Mapping and Geo-Localization are locative functions applied to mapping and tracking movements in urban space, attaching information (photos, text, video and sound) to maps. In the photo-sharing platform Flickr, for example, users add geo-tags to electronic maps. This system enables the sharing of tags through the location of places worldwide. These experiences promote new ways of producing maps, creating new forms of discourse about urban space. Mapping with digital devices offers new tools for reinforcing communities, involving the appropriation of places and new territorialities. Mapping, tags and localization can be seen as a new way of creating meaningful experiences in the actual cities.

Mobile Social Networking uses locative media to find people and to organize meetings and/or the exchange of information (Imity, Dodgeball, Citysense). Communities too are building bottom-up maps that represent themselves, using applications like Neighbornode and Peuplade. Mobile social networking is a form of locative media that helps people locate the position of a friend in a urban space, facilitating face-to-face meetings; it is quite the opposite of virtual community, since people find and meet each other in real life. Another example of such a project is Google Latitude, which can be used with almost any cell phone, enabling the user to control the level of his/her own visibility. Hence, the system of mobile social networking uses the new informational territorialization and mobile devices and networking to arrange meetings and reinforce sociability.

Pervasive Computational Games—also known as Location-Based Mobile Games—are online games that use a mobile device with locative capabilities in urban space (Geocaching, Uncle Roy All Around You, Can You See Me Now, Pac-Manhattan, mScape ). For example, the popular Geocaching is an outdoor treasure-hunting game in which the participants use a GPS to play hide-and-seek with containers anywhere in the world. (There are 480,000 geo-caches registered in over 100 countries.) Uncle Roy All Around You, from British group Blast Theory, uses palms, cell phones and Internet networks that enable users to play on the streets in an attempt to find “Uncle Roy” within 60 minutes. Street players can see online players exploring this same area of the city on the map on their handheld computer, similar to the game Pac-Manhattan, which is the street version of the original Pac-man game that coordinates actions through mobile phones and Wi-Fi networks. These games offer new experiences that merge game and augmented reality, as in the example of mScape from HP. Here again, by way of the ludic dimension, the city becomes a playground, reminiscent of eras past. The play dimension of locative media helps to create new forms of appropriation of the urban space, new kinds of communities and, as in the projects discussed below, new senses of place and territorialization.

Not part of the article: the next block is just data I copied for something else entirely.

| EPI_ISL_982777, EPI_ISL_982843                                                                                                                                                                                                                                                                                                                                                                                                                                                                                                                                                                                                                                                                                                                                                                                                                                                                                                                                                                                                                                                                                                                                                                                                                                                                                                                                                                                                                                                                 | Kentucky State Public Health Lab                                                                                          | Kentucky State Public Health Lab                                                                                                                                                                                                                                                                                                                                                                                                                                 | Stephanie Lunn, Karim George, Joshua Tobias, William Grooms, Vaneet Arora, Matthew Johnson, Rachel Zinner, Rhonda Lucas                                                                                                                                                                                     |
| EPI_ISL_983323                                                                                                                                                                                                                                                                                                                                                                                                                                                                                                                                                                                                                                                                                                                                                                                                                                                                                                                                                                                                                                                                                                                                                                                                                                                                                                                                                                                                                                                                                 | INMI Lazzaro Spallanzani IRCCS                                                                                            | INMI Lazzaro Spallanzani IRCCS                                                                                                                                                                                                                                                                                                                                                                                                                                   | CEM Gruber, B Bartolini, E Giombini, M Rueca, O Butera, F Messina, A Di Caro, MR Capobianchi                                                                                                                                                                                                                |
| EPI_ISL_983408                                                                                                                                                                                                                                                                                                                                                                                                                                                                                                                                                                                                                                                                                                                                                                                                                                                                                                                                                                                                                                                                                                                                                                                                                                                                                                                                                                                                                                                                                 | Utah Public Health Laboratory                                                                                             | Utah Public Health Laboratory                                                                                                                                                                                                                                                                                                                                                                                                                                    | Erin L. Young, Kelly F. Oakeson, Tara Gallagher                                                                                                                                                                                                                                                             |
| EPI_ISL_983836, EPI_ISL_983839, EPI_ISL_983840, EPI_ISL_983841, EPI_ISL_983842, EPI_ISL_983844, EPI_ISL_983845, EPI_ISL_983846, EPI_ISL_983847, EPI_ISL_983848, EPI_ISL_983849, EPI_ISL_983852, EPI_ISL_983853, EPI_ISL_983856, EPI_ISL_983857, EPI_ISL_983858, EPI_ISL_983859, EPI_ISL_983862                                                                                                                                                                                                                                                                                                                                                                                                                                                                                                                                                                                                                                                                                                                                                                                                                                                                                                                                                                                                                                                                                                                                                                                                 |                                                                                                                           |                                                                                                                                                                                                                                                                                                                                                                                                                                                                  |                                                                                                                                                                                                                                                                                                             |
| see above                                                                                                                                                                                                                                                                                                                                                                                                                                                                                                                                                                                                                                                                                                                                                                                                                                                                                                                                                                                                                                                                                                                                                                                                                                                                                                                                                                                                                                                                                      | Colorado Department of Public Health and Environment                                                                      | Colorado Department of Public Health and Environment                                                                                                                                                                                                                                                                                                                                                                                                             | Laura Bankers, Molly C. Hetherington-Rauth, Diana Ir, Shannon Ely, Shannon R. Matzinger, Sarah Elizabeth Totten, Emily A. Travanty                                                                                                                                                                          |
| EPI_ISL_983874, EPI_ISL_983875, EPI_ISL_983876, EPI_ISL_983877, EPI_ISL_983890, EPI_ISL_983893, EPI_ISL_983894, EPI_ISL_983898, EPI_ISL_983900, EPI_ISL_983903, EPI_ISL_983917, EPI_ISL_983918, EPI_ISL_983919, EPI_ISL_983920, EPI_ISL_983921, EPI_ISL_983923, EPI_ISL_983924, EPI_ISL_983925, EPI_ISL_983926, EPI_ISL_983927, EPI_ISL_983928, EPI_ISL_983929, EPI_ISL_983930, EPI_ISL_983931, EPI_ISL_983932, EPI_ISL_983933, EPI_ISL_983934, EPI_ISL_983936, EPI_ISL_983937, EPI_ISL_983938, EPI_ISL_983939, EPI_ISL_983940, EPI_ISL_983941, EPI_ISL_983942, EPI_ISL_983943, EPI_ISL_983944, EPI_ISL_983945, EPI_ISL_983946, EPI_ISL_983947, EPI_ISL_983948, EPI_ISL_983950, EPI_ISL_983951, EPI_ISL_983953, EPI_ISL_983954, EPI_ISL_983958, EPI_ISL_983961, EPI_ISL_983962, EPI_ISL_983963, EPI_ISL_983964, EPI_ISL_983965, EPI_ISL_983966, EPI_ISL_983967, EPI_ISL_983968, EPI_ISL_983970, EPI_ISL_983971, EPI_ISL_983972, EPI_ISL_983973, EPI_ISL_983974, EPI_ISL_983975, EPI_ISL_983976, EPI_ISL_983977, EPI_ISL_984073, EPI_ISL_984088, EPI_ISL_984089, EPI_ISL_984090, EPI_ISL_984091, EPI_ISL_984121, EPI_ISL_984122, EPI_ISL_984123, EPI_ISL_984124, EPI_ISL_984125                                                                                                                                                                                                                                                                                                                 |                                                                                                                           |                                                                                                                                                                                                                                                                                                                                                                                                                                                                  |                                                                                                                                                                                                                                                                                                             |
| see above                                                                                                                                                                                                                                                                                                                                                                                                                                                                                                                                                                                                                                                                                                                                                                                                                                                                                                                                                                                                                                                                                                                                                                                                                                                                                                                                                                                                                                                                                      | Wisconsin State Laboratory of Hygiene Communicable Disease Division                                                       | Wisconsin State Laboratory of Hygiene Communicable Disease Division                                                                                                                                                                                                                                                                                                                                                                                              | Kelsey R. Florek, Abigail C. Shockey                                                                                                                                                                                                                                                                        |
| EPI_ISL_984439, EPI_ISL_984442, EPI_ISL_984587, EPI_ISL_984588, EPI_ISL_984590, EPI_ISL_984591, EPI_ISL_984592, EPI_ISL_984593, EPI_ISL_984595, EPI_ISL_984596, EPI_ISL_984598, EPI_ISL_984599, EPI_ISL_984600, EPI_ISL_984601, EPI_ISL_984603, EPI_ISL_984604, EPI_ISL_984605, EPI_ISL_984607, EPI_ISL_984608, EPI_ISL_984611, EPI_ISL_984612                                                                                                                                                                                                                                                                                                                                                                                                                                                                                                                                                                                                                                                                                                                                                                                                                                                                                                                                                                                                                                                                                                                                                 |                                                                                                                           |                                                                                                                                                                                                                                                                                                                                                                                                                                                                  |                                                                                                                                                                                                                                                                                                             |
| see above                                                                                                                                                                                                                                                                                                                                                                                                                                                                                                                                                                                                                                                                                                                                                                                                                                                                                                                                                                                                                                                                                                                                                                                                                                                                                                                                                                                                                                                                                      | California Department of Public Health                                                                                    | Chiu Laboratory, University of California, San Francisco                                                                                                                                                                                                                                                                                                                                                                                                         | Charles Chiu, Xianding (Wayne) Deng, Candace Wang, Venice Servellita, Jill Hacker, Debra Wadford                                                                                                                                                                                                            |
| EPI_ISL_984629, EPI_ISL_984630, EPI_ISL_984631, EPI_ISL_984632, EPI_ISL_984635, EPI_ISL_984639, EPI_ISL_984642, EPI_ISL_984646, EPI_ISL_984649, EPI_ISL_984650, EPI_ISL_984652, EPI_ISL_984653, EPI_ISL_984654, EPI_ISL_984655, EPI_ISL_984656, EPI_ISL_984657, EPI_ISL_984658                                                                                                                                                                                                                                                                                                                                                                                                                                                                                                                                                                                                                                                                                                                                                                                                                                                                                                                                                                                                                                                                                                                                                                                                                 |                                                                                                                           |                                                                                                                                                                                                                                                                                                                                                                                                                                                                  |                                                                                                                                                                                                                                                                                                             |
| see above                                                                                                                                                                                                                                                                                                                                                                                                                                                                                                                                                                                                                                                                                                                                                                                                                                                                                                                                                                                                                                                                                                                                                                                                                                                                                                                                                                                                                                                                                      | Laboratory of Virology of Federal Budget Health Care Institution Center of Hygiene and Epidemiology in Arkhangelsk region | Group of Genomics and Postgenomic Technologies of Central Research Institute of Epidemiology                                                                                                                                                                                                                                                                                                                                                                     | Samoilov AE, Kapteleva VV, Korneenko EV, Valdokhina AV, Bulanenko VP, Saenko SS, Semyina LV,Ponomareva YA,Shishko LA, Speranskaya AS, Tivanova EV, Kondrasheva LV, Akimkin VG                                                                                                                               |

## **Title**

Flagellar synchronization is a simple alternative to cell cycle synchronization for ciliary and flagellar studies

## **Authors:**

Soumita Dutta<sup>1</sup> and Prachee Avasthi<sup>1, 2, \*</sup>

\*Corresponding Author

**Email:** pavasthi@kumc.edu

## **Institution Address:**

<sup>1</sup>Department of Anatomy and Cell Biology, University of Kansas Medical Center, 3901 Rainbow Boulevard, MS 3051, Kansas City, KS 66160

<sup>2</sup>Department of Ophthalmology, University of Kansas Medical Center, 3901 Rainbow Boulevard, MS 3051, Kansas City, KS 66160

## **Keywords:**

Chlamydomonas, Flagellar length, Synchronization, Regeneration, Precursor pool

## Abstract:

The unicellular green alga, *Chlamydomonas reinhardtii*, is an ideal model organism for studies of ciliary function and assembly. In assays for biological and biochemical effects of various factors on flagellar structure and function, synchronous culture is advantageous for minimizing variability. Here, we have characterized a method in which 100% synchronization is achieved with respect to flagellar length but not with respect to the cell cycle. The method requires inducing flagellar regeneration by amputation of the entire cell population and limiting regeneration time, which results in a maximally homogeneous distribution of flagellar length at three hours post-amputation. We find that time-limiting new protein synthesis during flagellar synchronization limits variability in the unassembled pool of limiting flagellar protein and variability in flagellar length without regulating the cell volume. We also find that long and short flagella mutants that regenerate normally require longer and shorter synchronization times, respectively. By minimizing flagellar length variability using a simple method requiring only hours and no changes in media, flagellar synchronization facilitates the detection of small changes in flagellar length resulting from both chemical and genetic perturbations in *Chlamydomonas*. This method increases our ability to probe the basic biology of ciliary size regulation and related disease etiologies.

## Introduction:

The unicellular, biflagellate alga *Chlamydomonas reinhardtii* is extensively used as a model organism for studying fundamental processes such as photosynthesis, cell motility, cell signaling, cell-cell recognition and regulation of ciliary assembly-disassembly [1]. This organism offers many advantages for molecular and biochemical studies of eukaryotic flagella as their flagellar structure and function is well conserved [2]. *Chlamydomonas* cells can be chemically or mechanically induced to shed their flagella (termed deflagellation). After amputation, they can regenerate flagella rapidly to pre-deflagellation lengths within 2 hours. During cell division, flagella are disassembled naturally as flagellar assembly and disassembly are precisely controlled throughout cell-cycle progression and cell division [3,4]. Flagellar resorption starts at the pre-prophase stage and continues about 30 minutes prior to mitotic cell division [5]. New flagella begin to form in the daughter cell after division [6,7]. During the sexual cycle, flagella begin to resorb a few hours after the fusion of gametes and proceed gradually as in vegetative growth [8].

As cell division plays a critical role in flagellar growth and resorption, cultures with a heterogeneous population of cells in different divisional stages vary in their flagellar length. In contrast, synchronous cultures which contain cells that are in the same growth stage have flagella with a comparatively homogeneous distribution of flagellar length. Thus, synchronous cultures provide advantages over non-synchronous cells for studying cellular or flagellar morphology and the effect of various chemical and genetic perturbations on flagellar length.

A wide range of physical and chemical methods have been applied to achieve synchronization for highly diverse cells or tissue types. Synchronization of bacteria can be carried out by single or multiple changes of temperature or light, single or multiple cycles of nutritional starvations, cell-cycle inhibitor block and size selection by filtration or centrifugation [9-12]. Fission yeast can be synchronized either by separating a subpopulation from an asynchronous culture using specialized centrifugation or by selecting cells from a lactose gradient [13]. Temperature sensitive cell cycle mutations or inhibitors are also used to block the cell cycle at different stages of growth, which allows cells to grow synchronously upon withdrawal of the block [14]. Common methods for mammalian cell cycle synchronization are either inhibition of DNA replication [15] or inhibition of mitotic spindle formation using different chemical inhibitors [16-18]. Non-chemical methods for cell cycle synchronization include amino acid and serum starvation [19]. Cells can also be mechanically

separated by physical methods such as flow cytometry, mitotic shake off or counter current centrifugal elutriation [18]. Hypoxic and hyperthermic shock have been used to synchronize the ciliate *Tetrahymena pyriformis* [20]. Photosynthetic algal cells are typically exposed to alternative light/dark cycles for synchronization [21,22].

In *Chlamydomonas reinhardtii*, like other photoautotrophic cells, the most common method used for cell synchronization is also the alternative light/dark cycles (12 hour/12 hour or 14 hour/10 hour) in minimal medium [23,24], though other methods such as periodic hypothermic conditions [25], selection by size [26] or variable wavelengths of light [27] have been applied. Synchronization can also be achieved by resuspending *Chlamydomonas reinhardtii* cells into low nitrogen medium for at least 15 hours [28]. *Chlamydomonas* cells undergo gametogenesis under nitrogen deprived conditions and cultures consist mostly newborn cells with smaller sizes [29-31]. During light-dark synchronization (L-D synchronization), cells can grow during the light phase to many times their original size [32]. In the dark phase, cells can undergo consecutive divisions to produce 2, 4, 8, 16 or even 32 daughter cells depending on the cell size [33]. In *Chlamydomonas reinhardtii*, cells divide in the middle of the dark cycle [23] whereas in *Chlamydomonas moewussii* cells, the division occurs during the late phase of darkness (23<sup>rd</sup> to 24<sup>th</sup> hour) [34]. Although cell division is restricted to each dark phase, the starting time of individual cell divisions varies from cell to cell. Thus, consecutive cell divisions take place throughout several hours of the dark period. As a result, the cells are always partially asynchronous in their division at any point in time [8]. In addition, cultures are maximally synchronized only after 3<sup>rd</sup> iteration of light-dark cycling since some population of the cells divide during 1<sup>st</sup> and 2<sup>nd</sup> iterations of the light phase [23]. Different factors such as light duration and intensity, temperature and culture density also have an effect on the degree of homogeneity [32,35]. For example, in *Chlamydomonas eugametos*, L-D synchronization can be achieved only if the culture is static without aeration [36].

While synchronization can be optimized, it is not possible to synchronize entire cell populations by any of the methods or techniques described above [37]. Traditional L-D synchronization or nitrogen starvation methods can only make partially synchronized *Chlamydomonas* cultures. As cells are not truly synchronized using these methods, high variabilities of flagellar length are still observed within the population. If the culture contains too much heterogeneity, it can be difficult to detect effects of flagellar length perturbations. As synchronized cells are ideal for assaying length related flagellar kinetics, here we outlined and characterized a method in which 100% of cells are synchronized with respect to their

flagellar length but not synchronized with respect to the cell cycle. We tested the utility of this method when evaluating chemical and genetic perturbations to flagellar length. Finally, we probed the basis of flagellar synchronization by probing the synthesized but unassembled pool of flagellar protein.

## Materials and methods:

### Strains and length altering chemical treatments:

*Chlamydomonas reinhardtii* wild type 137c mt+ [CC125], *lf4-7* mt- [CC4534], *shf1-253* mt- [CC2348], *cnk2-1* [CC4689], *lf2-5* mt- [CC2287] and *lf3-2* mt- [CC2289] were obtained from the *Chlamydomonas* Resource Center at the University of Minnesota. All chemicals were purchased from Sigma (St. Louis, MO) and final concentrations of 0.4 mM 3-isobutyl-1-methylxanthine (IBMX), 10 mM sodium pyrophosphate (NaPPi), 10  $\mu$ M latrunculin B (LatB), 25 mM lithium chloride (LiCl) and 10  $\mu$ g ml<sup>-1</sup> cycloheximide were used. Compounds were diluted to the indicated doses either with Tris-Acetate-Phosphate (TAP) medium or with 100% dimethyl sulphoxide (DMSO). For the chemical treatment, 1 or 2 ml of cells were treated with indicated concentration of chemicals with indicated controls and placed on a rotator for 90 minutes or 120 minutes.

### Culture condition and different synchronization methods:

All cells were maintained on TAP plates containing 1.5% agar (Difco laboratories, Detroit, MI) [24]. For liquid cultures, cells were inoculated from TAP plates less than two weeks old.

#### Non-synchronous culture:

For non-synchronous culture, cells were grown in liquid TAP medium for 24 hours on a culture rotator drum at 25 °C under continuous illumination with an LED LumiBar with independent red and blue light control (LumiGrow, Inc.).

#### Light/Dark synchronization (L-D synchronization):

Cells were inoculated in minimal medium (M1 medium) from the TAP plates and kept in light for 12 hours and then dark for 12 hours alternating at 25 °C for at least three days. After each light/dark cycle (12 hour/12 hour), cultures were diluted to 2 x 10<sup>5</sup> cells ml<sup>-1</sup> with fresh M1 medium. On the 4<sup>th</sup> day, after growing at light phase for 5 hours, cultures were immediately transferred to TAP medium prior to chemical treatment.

Smart Mobs (Rheingold, 2003) are political and/or aesthetic (Flash Mobs) mobilizations coordinated by mobile devices that bring people together to perform an action in public space and then to disperse rapidly. These actions orchestrate people in public spaces, and use location capabilities to spread information. Artistic purposes of these mobilizations, such as a performance, can be differentiated from political-activist imperatives. Howard Rheingold (2006) calls this latter group of practices “Smart Mobs”.